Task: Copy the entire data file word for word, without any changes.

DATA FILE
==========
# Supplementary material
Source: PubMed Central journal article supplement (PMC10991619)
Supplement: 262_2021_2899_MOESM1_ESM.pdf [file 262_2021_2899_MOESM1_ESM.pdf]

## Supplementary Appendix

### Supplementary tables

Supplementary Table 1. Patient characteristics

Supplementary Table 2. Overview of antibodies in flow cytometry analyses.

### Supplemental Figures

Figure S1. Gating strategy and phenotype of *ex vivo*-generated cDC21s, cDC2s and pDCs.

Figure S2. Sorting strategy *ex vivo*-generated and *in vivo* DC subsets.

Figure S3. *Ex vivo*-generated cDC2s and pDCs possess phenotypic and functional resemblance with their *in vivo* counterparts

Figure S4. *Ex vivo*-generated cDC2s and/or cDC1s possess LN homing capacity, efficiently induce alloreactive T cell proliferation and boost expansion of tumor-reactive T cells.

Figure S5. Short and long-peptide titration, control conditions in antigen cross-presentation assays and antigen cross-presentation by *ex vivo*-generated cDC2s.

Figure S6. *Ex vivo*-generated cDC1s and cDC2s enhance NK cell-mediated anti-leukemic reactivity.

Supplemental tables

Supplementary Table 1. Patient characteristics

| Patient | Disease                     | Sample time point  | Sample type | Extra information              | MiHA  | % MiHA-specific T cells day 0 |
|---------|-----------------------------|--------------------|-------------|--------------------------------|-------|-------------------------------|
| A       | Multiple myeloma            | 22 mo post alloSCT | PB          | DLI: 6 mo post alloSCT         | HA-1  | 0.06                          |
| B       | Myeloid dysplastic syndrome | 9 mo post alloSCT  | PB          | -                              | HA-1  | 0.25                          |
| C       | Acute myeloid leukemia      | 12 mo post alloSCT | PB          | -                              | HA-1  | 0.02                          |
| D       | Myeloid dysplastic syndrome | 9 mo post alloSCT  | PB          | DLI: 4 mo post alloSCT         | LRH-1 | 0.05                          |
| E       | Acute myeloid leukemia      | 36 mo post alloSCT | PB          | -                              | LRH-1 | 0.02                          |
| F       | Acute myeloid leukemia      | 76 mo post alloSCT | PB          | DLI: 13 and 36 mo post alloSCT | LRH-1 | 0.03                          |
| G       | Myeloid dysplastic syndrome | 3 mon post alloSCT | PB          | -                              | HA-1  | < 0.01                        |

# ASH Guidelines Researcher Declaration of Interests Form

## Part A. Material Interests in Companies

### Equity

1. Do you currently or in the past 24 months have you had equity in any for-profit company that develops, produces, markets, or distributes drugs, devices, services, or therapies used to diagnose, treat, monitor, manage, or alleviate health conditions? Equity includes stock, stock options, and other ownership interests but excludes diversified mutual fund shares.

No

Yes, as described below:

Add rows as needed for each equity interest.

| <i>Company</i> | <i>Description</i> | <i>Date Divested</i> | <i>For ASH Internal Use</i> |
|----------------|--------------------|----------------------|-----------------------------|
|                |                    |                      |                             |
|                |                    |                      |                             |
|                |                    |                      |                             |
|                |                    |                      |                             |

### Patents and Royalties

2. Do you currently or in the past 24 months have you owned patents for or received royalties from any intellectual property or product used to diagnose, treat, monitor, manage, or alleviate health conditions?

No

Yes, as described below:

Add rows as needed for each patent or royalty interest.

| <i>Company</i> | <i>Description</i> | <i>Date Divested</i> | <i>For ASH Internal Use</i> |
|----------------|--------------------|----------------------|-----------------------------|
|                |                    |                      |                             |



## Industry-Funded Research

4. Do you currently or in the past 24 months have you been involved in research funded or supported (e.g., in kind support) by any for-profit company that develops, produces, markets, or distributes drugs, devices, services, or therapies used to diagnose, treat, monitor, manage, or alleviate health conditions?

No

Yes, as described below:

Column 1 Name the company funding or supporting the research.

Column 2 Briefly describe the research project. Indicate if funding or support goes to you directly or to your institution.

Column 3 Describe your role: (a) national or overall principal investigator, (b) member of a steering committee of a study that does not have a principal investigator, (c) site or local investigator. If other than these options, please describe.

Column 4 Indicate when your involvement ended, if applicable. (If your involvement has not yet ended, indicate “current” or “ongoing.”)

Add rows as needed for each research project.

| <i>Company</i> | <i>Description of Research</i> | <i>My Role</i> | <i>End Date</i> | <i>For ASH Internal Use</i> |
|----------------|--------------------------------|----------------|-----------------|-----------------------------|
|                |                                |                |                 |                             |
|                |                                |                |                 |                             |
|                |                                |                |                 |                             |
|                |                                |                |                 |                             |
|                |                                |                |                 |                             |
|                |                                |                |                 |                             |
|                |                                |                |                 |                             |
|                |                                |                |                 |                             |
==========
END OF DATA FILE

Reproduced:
# Supplementary material
Source: PubMed Central journal article supplement (PMC10991619)
Supplement: 262_2021_2899_MOESM1_ESM.pdf [file 262_2021_2899_MOESM1_ESM.pdf]

## Supplementary Appendix

### Supplementary tables

Supplementary Table 1. Patient characteristics

Supplementary Table 2. Overview of antibodies in flow cytometry analyses.

### Supplemental Figures

Figure S1. Gating strategy and phenotype of *ex vivo*-generated cDC21s, cDC2s and pDCs.

Figure S2. Sorting strategy *ex vivo*-generated and *in vivo* DC subsets.

Figure S3. *Ex vivo*-generated cDC2s and pDCs possess phenotypic and functional resemblance with their *in vivo* counterparts

Figure S4. *Ex vivo*-generated cDC2s and/or cDC1s possess LN homing capacity, efficiently induce alloreactive T cell proliferation and boost expansion of tumor-reactive T cells.

Figure S5. Short and long-peptide titration, control conditions in antigen cross-presentation assays and antigen cross-presentation by *ex vivo*-generated cDC2s.

Figure S6. *Ex vivo*-generated cDC1s and cDC2s enhance NK cell-mediated anti-leukemic reactivity.

Supplemental tables

Supplementary Table 1. Patient characteristics

| Patient | Disease                     | Sample time point  | Sample type | Extra information              | MiHA  | % MiHA-specific T cells day 0 |
|---------|-----------------------------|--------------------|-------------|--------------------------------|-------|-------------------------------|
| A       | Multiple myeloma            | 22 mo post alloSCT | PB          | DLI: 6 mo post alloSCT         | HA-1  | 0.06                          |
| B       | Myeloid dysplastic syndrome | 9 mo post alloSCT  | PB          | -                              | HA-1  | 0.25                          |
| C       | Acute myeloid leukemia      | 12 mo post alloSCT | PB          | -                              | HA-1  | 0.02                          |
| D       | Myeloid dysplastic syndrome | 9 mo post alloSCT  | PB          | DLI: 4 mo post alloSCT         | LRH-1 | 0.05                          |
| E       | Acute myeloid leukemia      | 36 mo post alloSCT | PB          | -                              | LRH-1 | 0.02                          |
| F       | Acute myeloid leukemia      | 76 mo post alloSCT | PB          | DLI: 13 and 36 mo post alloSCT | LRH-1 | 0.03                          |
| G       | Myeloid dysplastic syndrome | 3 mon post alloSCT | PB          | -                              | HA-1  | < 0.01                        |

# ASH Guidelines Researcher Declaration of Interests Form

## Part A. Material Interests in Companies

### Equity

1. Do you currently or in the past 24 months have you had equity in any for-profit company that develops, produces, markets, or distributes drugs, devices, services, or therapies used to diagnose, treat, monitor, manage, or alleviate health conditions? Equity includes stock, stock options, and other ownership interests but excludes diversified mutual fund shares.

No

Yes, as described below:

Add rows as needed for each equity interest.

| <i>Company</i> | <i>Description</i> | <i>Date Divested</i> | <i>For ASH Internal Use</i> |
|----------------|--------------------|----------------------|-----------------------------|
|                |                    |                      |                             |
|                |                    |                      |                             |
|                |                    |                      |                             |
|                |                    |                      |                             |

### Patents and Royalties

2. Do you currently or in the past 24 months have you owned patents for or received royalties from any intellectual property or product used to diagnose, treat, monitor, manage, or alleviate health conditions?

No

Yes, as described below:

Add rows as needed for each patent or royalty interest.

| <i>Company</i> | <i>Description</i> | <i>Date Divested</i> | <i>For ASH Internal Use</i> |
|----------------|--------------------|----------------------|-----------------------------|
|                |                    |                      |                             |



## Industry-Funded Research

4. Do you currently or in the past 24 months have you been involved in research funded or supported (e.g., in kind support) by any for-profit company that develops, produces, markets, or distributes drugs, devices, services, or therapies used to diagnose, treat, monitor, manage, or alleviate health conditions?

No

Yes, as described below:

Column 1 Name the company funding or supporting the research.

Column 2 Briefly describe the research project. Indicate if funding or support goes to you directly or to your institution.

Column 3 Describe your role: (a) national or overall principal investigator, (b) member of a steering committee of a study that does not have a principal investigator, (c) site or local investigator. If other than these options, please describe.

Column 4 Indicate when your involvement ended, if applicable. (If your involvement has not yet ended, indicate “current” or “ongoing.”)

Add rows as needed for each research project.

| <i>Company</i> | <i>Description of Research</i> | <i>My Role</i> | <i>End Date</i> | <i>For ASH Internal Use</i> |
|----------------|--------------------------------|----------------|-----------------|-----------------------------|
|                |                                |                |                 |                             |
|                |                                |                |                 |                             |
|                |                                |                |                 |                             |
|                |                                |                |                 |                             |
|                |                                |                |                 |                             |
|                |                                |                |                 |                             |
|                |                                |                |                 |                             |
|                |                                |                |                 |                             |